Twentieth century martyrs

Today is the feast day of several twentieth century martyrs.

St. Toribio Romo (1900-1928) was a Mexican priest who was killed during the time of the Cristero rebellion. He was not involved directly in the rebellion but had continued his ministry despite the prohibitions of the authorities. On February 28, 1928, soldiers broke into his room and shot him.

His short life has been overshadowed by a ministry that he has assumed after death. A number of migrants from Mexico to the United States have be assisted by a young priest when they were in dire circumstances who identified himself as Toribio Romo. A few stories can be found here. He is thus invoked as a protector of migrants, many of whom visit his shrine in Santa Ana de Guadalupe, Jalisco.

Today is also the feast of Blessed Franz Jägerstëtter (1907-1943), an Austrian peasant who refused to serve in Hitler’s army, despite the admonitions of friends and clergy. He saw Nazism as a train headed to hell and refused to be part of this. His story would have been forgotten if the US Catholic sociologist Gordon Zahn had not published his life and some of his letters in the early 1960s in the book In Solitary Witness. His witness against war influenced many, including me, in our opposition to the Viet Nam war and to war in general.

Today is also the anniversary of the martyrdom in 1996 of the Trappist Martyrs of Our Lady of Atlas in Algiers. Their story is beautifully portrayed in the films Of Gods and Men. Their witness has inspired me since I first read their story in John W. Kiser’s The Monks of Tibhirine: Faith, Love, and Terror in Algeria.

Especially poignant is the last testimony of the prior, Christian de Chergé which he wrote several years before his death. The full text can be found in several languages here. In the last sentences he addressed his future killers:

And also you, my last-minute friend, who will not have known what you were doing:
Yes, I want this THANK YOU and this GOODBYE to be a “GOD-BLESS” for you, too, because in God’s face I see yours.
May we meet again as happy thieves in Paradise, if it please God, the Father of us both.
Amen! In sh’ Allah!”

His words of love for those who killed him are an inspiration in a time when we demonize our opponents and enemies.

These martyrs – and many others – can teach us about the love of God who does not leave us orphans and which calls us to care for the migrant, to refuse to kill, and to love our enemies.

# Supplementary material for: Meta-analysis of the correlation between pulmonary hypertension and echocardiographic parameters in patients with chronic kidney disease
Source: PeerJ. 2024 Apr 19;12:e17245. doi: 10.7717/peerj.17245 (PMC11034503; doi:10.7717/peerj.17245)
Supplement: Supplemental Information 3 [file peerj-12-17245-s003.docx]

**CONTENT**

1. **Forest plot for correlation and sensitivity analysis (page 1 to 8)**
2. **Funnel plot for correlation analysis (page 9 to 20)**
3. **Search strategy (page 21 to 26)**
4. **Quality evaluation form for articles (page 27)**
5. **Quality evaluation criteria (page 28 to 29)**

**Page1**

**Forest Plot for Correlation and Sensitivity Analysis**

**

Parasites, amoebas, and bacteriological infections

I’ve been feeling tired lately, but I attributed it to the work and the hot weather. I felt that my face was hot, but I attributed this to being out in the sun. I had diarrhea on Friday morning, but I attributed that to something I had eaten.

But Friday afternoon I felt totally exhausted and laid down for a few hours. I missed a call from a friend, one of the Dubuque Franciscan sisters here and mentioned that I wasn’t feeling well. She handed the phone to another sister who is a nurse. After listening to my symptoms she wondered if I had parasites or amoebas. She gave me a few ideas on how to get comfortable (including sleeping with an ice pack (or, in my case, a frozen towel) on my stomach.

After a few diarrhea episodes during the night, I went to a clinic in Dulce Nombre this morning and had blood and fecal tests. It ends up that I have parasites, amoebas, AND bacteriological infections. So life goes. They gave me two antibiotics intravenously in saline solution, together with an anti-spasmodic. After examining the tests, they gave me three medicines to take. I hope this gets over soon.


But this morning as I awoke, late and after almost 12 hours in bed, I sat up and had deep feeling of peace. Instead of being angry or upset, there was peace – a real gift. Now I don’t know how long this peace will last, but I want to give thanks to God. In the middle of discomfort, God graced me with peace.

The blood of the poor

One way to keep poor is not to accept money
which is the result of defrauding the poor.
Dorothy Day, May, 1952

Saint Ignatius of Laconi, Sardinia, was a Capuchin brother who died on May 11, 1781, noted most of all for his begging. While begging he not only gave people a chance to share but he also brought about reconciliation between peoples and converted sinners.

A notorious merchant in town, Franchino, was enraged that Brother Ignatius never stopped at his door to beg alms, because the merchant had built his fortune by defrauding the poor.

Franchino complained to the guardian of the Capuchins who ordered Brother Ignatius to stop and beg from the merchant. Brother Ignatius agreed but said, “Very well. If you wish it, Father, I will go, but I would not have the Capuchins dine on the blood of the poor.”